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Being African-British: a socio-psychological examination of the (re)construction and functions of cross-cultural selves

Ama de-Graft Aikins

The proposed paper will report the preliminary stages of a study exploring the meanings and functions of ‘African-British’ identity. The study draws from two larger projects. The first project draws functional links between multi-generational memories and meanings of colonialism - through the trope of Independence – and the construction of contemporary culture, identities and agencies in Ghana. The second examines representations of the African-British community within mainstream and minority media.

Three key debates inform the research questions explored within the reported study. First, discussions within ‘black (British)’ cultural theory and politics, by theorists such as Stuart Hall and Paul Gilroy, on the complex, contested dynamics of the black Diaspora experience. Second, the recent explicit attempts to redefine the ‘black British’ community as ‘African-British’, as a psycho-political process of multi-ethnic unification and empowerment. Finally, media and community debates evoked by political discourses on British Empire and reparations for Africa. These debates have unfolded in a general sense, for the most part, drawing on a homogenised ‘black British’ identity, community experience and response, and speaking to symbolic relationships between Britain (or British government) and Africa (or African leadership). The nuances between different ‘black British’ identities and the way difference mediates claims to Diaspora or British experience, construction of dual identities and engagement with Africa as a symbolic or physical home are acknowledged, but remain to be subjected to systematic empirical analysis. By focusing on one section of the ‘black British’ community, multi-generational groups of Ghanaian ancestry, the study aims to conduct such an analysis. Two empirical questions are posed: (1) what does it mean to be Ghanaian-British (or more broadly African-British, or Black British); (2) to what extent does the Ghanaian-British identity mediate social relationships and practices within the private and public sphere in Britain and Ghana.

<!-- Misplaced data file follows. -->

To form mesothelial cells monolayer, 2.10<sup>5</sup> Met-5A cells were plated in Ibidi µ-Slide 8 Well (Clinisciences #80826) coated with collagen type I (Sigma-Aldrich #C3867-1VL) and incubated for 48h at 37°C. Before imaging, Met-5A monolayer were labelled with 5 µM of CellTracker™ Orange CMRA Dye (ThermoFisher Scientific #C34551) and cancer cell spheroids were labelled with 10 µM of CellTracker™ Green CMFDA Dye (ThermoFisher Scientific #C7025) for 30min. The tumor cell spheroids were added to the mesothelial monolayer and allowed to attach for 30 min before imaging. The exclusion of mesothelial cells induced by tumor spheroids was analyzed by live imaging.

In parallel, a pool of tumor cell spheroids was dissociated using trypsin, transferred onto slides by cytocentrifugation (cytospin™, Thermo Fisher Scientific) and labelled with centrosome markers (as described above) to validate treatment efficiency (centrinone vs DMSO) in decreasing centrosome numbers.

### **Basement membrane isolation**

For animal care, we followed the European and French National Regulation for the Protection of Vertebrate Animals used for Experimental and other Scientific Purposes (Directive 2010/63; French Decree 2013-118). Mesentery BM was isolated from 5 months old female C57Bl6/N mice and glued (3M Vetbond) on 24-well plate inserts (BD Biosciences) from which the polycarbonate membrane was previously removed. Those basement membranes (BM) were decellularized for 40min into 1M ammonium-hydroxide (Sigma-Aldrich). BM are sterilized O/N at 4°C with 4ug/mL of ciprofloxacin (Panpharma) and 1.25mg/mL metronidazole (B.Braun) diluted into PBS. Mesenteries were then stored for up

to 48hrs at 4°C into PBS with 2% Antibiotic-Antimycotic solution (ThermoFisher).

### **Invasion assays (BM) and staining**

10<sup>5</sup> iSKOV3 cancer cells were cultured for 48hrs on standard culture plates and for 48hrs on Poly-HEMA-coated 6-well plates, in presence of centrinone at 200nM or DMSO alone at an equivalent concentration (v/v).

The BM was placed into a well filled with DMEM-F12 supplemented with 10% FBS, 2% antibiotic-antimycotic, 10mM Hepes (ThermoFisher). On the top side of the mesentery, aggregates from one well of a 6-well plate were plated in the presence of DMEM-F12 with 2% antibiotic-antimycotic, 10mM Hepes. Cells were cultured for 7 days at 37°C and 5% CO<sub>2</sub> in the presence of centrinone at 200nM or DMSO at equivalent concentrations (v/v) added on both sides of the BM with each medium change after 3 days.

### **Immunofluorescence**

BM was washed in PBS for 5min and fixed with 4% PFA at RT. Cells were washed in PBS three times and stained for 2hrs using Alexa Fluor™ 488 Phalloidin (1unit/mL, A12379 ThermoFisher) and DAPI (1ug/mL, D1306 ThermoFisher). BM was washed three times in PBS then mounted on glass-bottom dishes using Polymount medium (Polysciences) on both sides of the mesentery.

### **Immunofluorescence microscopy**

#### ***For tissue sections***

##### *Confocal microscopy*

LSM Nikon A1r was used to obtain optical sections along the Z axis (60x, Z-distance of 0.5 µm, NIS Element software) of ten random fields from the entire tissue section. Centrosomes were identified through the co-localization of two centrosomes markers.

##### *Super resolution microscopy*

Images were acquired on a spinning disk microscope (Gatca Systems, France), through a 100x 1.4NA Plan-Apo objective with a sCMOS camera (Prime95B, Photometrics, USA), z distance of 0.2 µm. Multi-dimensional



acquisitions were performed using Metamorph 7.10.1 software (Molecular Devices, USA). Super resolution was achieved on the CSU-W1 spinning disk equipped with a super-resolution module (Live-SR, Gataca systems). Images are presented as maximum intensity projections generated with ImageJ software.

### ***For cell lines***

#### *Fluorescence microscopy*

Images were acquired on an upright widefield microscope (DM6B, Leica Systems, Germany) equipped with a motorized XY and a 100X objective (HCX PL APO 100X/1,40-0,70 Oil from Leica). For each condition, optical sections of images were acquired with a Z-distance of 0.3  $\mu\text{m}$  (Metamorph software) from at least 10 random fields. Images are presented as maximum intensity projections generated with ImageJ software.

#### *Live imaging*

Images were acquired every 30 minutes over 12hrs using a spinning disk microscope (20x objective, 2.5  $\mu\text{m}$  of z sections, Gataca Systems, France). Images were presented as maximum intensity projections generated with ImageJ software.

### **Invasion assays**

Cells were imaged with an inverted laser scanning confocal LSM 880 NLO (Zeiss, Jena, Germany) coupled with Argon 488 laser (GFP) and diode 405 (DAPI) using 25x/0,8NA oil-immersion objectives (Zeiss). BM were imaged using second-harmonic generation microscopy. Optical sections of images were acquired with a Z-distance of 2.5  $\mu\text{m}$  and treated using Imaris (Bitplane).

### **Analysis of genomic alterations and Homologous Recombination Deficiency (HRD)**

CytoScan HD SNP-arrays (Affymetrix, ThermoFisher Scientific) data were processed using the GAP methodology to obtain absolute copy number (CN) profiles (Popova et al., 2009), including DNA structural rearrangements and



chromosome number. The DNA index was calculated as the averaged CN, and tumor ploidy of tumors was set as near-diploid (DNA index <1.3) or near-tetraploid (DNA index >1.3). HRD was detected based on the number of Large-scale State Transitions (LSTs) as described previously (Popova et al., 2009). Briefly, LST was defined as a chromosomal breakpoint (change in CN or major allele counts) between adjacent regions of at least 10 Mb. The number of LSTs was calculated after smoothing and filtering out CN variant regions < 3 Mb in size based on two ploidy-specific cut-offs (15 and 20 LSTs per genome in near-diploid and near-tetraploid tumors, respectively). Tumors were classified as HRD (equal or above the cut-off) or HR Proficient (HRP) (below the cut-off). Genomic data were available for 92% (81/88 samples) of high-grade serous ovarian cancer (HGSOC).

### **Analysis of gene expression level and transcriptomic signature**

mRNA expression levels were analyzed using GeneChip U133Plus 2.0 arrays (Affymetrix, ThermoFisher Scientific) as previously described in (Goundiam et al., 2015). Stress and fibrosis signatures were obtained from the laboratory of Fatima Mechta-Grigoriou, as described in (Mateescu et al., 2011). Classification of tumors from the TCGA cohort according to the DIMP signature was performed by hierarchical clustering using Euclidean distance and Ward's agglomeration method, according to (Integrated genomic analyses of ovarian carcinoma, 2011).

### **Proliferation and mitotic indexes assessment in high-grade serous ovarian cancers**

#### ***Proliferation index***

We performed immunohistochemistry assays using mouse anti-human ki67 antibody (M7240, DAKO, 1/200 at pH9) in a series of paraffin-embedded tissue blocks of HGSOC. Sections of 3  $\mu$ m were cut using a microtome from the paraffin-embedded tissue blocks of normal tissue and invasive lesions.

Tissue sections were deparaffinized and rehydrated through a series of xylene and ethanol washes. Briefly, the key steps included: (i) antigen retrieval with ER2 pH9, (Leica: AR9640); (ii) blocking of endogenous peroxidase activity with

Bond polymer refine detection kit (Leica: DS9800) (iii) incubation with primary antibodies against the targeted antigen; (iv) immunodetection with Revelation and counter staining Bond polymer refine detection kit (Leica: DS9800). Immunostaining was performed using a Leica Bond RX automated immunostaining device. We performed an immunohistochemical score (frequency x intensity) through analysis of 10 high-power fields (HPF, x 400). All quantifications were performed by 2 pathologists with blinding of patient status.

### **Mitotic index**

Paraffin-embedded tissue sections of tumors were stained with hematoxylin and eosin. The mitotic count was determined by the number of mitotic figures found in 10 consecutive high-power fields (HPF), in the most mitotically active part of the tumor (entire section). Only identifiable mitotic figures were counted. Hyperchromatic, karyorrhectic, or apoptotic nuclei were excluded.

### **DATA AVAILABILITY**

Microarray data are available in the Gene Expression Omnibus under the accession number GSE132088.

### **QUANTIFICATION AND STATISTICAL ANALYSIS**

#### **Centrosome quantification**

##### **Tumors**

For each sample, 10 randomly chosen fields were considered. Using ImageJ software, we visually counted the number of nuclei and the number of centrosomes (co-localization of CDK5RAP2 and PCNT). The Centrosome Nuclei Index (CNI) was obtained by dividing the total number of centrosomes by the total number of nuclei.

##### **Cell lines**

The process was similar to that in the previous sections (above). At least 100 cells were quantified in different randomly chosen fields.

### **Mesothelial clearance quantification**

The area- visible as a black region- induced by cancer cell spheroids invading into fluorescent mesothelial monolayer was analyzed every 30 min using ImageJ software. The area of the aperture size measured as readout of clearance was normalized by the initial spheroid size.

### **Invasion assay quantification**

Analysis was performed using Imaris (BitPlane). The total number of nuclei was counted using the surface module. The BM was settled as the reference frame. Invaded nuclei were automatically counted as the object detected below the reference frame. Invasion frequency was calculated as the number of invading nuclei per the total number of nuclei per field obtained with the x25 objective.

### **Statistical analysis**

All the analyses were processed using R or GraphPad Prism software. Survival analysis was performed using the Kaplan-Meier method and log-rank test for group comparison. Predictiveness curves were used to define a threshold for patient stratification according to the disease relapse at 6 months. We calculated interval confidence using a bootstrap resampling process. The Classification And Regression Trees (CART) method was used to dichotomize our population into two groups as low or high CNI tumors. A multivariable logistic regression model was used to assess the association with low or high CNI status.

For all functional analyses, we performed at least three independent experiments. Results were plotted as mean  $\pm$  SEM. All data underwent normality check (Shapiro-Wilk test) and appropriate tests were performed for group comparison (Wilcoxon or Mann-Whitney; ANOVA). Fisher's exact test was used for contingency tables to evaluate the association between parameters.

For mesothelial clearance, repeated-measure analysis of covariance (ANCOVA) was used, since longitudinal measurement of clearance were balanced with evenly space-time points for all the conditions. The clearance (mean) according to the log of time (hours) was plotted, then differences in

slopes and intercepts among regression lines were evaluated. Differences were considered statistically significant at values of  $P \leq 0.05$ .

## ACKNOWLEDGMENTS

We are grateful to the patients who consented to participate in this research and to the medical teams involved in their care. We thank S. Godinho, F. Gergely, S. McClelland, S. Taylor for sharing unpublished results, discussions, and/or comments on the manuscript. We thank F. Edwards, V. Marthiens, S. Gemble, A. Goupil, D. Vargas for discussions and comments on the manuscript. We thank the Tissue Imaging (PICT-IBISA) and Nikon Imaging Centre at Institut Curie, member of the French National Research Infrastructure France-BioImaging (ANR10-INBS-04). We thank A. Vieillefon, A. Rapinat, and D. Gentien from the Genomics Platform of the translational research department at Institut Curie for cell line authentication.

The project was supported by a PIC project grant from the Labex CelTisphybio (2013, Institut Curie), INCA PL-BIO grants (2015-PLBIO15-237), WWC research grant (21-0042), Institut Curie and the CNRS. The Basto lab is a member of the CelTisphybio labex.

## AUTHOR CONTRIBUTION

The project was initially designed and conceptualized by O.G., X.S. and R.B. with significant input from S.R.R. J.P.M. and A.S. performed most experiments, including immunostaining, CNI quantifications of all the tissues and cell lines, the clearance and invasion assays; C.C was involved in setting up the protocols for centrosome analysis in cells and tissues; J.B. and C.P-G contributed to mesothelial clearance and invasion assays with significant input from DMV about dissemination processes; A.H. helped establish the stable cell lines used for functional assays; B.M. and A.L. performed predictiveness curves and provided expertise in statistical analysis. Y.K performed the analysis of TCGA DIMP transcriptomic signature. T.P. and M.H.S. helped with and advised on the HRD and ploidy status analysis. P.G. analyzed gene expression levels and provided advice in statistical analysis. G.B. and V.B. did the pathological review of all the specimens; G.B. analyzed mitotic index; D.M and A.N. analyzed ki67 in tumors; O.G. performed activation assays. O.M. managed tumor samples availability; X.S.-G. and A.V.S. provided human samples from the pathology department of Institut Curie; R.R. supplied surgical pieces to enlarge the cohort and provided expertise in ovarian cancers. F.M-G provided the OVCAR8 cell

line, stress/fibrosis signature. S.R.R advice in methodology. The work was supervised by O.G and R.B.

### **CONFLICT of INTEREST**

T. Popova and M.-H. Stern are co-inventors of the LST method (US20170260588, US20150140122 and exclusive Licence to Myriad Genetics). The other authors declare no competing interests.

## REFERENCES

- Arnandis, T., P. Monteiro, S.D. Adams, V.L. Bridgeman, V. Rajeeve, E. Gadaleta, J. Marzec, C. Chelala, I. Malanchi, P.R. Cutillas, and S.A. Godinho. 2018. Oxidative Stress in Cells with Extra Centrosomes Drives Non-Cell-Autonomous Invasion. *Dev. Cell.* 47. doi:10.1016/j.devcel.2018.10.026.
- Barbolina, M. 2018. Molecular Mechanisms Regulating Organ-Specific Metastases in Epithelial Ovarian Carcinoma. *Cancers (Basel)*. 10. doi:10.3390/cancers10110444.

Drawing from the afore-mentioned debates, the study begins from the premise that ‘African-British’ identity will hold multiple meanings. The construction, negotiation and functions of these in turn will be mediated by the fluid interplay of psychological, socio-cultural and structural factors. Therefore, a social psychological approach is likely to offer useful theoretical and practical insights, since it facilitates a simultaneous and integrated analysis of psychological, socio-cultural and structural phenomena. The overarching framework is informed by social representations theory (Moscovici, 2001). Defined as a ‘psychosocial theory of thought and action’, the theory provides a framework for understanding the dynamic processes through which individuals and social groups produce, share and transform heterogeneous knowledge, identities and embodied action.